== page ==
There’s now a consistent murmur in the media’s coverage of the snow spell about how people clear snow from outside their homes in other countries, how it might be a good thing for people to do the same here (example) and how it might not quite bring down The End Of The World (Legal Department) on your head if you clear snow from outside your own home and someone falls over.
Two things have been notably missing from the coverage though. First, any example of a successful legal action in such a case. There is plenty of “Oooh, well perhaps you might face a risk…” yet none of the dozens of stories like that I’ve found go on to say “… and here’s an actual example”. It’s all theoretical legal fears.
Second has been the silence about the role of businesses, and shops in particular, when it comes to keeping pavements clear of snow.
If you wandered down the shopping street near me you would have seen a very mixed picture: some shops regularly cleared the pavements, others consistently left it completely untouched. By and large it’s the small shops that play a constructive role in the community and it’s the large chains who have been sitting on their hands.
So I tried asking one – William Hill – for the reason:
Sadly for legal reasons we have been advised not to clear outside our shops as apparently we become liable if a member of the public then falls.
When asked, William Hill could not point at any example of a firm ever having been sued in the UK in such circumstances. Perhaps it has happened once or more, but William Hill have made their decision purely on the theoretical legal risk.
Yet, each and every day that William Hill is open for business it runs all sorts of legal risks. Well-run companies keep the risks to a minimum and balance them against other factors – because, after all, the only absolutely risk free business is the one that doesn’t exist.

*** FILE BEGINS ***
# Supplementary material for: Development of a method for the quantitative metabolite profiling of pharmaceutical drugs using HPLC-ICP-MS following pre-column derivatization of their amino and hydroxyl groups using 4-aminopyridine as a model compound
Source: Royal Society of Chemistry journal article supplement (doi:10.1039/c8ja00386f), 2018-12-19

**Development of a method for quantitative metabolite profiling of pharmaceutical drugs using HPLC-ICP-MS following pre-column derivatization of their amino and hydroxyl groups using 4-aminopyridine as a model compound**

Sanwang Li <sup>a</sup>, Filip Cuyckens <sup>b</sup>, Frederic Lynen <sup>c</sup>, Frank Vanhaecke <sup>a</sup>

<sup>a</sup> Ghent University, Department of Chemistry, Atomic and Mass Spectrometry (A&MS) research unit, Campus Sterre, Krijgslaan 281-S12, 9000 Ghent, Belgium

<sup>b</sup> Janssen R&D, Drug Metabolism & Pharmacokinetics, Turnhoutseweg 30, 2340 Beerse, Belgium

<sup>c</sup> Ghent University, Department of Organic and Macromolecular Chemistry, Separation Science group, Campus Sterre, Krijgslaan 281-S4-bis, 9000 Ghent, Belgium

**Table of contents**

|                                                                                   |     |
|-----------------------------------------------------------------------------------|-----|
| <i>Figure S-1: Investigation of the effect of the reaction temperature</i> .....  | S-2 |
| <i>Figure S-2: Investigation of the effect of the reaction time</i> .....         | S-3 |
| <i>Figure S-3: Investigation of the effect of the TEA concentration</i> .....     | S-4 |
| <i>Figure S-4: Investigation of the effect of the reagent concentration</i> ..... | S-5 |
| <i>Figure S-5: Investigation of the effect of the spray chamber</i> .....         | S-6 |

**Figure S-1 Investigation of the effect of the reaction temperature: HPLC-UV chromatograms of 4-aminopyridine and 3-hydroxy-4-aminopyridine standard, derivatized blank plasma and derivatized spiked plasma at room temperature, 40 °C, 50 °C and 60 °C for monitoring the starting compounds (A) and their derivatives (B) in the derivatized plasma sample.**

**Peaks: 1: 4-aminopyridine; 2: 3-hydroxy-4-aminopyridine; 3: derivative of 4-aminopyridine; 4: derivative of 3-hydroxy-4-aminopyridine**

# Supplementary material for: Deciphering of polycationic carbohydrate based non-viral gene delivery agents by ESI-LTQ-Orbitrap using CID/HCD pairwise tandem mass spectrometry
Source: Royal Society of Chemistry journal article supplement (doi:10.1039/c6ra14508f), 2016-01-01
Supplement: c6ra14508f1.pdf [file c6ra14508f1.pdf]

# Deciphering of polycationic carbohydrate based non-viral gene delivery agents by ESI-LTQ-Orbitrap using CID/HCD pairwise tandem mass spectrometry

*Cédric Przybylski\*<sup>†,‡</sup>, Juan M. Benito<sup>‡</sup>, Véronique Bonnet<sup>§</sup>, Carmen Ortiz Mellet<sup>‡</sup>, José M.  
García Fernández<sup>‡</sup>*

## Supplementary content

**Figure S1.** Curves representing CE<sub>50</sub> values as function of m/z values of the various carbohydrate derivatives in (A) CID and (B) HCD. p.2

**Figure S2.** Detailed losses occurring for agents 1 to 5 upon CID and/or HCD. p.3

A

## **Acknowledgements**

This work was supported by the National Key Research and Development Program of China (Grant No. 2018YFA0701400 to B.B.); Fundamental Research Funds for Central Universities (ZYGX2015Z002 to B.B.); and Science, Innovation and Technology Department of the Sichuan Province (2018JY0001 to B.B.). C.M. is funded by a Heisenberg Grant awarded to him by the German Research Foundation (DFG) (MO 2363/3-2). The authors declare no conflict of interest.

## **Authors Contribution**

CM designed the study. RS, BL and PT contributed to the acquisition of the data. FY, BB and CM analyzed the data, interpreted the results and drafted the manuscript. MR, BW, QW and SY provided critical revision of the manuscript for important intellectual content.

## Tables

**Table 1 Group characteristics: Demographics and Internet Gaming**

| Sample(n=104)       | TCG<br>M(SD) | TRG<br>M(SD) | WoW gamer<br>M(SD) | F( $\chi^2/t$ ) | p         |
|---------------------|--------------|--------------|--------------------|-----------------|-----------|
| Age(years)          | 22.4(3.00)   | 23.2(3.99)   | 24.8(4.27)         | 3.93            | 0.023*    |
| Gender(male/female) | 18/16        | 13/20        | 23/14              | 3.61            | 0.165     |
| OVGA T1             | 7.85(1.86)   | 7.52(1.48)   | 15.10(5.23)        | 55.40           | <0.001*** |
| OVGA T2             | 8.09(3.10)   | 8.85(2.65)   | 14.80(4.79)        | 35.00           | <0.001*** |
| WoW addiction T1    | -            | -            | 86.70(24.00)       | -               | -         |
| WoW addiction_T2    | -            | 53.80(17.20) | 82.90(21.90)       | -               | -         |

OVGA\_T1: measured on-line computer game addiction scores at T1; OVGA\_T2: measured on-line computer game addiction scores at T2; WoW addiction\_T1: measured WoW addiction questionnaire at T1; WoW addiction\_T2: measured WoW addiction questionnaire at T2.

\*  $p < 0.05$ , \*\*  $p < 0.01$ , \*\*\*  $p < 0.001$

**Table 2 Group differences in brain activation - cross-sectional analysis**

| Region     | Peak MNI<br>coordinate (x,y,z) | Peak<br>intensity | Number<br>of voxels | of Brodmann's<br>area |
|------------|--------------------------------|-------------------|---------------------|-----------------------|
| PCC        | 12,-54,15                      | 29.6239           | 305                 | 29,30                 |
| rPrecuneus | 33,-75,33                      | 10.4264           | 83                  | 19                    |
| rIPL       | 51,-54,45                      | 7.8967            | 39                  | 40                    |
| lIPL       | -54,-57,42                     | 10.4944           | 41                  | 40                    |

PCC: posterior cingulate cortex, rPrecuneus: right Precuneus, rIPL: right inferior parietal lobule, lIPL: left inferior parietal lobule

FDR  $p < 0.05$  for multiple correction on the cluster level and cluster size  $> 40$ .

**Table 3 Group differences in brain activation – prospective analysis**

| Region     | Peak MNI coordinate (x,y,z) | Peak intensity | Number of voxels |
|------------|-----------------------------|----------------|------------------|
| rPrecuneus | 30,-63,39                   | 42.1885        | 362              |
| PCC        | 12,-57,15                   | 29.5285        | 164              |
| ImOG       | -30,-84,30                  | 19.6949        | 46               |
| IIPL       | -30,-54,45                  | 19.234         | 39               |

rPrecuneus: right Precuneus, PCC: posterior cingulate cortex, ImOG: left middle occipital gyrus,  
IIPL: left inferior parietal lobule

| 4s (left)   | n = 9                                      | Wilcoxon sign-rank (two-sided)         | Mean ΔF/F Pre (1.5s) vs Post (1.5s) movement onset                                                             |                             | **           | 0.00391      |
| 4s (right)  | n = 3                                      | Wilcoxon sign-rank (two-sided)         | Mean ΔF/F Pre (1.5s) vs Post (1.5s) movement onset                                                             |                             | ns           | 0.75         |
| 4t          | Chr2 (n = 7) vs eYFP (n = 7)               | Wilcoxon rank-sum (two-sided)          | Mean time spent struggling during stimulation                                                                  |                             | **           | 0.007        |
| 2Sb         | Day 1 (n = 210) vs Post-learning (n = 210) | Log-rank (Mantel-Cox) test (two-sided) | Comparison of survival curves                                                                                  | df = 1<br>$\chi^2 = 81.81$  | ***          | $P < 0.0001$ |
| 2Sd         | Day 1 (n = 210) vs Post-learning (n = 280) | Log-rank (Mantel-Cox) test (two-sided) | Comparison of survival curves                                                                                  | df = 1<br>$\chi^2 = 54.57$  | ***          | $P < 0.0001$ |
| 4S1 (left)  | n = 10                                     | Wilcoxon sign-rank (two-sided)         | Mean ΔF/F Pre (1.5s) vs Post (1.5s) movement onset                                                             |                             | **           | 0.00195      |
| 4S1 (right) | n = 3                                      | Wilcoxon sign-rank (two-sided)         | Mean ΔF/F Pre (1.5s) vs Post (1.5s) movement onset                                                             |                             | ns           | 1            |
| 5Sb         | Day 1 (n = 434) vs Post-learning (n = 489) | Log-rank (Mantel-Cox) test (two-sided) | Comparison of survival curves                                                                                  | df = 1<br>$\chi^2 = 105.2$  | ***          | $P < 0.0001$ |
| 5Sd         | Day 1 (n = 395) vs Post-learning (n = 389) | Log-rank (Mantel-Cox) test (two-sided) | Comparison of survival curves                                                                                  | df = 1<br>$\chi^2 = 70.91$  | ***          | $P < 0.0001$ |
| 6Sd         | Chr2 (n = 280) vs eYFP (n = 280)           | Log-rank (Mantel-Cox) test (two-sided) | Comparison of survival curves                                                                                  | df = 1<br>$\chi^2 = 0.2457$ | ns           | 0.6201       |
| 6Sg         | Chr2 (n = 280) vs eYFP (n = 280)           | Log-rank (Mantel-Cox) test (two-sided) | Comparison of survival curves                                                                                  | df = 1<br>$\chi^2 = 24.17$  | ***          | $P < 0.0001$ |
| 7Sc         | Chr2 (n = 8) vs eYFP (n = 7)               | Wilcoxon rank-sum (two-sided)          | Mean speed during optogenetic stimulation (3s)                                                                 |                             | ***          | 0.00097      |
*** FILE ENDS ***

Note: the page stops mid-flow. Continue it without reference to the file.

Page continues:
In the case of William Hill, and other firms, they should be taking into account the contrary risk of the damage to their public reputation if they aren’t willing to play their part in the community and act like a good neighbour during the snow.
For me, it’s certainly damaged their reputation but the behaviour of firms is only going to change if that damage to their reputation becomes rather more widespread and severe.
Overall, companies often get off lightly for the behaviour that is widely condemned and cracked down on if it comes from individuals, as with the corporate and public sectors being responsible for around a third of all incidents of dumped rubbish around where I live – but how often do you hear about crackdowns on such behaviour?
So next time you pass a business that doesn’t clear the snow from outside their premises, why not pop in, make a quick call or send them an email? Being a good neighbour doesn’t just apply to residential areas.
Footnote: some councils have been doing a good job at helping residents who want to be good neighbours. Liberal Democrat run Sutton Council has even got this rather nifty online service to find grit bins and report empty ones. Well done Sutton.